Post-marriage, gender roles were clearly defined. The husband was expected to be the provider and decision-maker, while the wife’s main responsibilities revolved around homemaking, child-rearing, and managing household affairs.

Divorce was highly frowned upon and socially unacceptable. However, in cases of extreme circumstances such as adultery or abuse, legal separations were possible but rare.

In conclusion, 19th-century marriage customs were deeply rooted in societal expectations and economic considerations rather than personal choice and love. While traditions and practices varied across different cultures and classes, the role of families, courtship rituals, extravagant weddings, and strict gender roles were common themes during this era.

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What was marriage like during the 1900s?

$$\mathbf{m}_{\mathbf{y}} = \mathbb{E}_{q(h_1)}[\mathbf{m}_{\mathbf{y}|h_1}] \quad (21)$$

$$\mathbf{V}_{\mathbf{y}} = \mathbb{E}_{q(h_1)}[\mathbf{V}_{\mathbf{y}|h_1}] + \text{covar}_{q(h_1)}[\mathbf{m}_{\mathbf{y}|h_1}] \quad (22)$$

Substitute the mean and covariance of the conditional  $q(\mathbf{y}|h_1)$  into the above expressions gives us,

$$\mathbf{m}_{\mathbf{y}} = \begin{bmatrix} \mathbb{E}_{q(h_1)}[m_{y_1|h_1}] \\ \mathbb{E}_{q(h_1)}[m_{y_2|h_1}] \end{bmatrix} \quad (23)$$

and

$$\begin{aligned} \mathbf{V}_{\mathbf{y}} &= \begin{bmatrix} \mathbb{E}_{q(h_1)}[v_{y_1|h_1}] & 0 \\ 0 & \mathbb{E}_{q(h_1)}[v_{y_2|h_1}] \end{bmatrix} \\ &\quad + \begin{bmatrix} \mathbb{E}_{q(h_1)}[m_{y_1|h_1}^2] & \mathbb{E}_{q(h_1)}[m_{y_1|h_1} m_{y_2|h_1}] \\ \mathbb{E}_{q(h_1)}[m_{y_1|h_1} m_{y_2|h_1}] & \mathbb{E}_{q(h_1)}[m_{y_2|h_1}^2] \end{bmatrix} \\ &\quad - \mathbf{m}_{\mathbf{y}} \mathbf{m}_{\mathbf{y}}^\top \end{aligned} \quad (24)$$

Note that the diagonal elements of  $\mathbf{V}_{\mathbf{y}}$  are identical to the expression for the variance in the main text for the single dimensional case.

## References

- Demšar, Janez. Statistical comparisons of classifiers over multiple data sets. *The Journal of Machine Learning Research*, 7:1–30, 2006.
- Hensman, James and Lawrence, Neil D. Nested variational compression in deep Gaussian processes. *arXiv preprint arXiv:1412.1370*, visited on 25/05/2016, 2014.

During the 19th century, marriage was primarily viewed as a social and economic arrangement rather than a union based on love and companionship. It was often seen as a means to secure social status, financial stability, and property rights.

Arranged marriages were prevalent during this time, particularly among the upper classes. Families would negotiate and arrange marriages based on factors such as wealth, social class, and strategic alliances. The wishes and desires of the individuals involved were often secondary to these considerations.

Gender roles within marriages were highly defined, with the husband considered the head of the household and the wife expected to be submissive and obedient. Women were primarily seen as homemakers, responsible for managing the household and raising children. They had limited legal rights and were often financially dependent on their husbands.

Divorce was difficult and socially stigmatized. In many societies, divorce was either illegal or required stringent criteria to be met. It was generally seen as a failure and carried significant social shame, especially for women.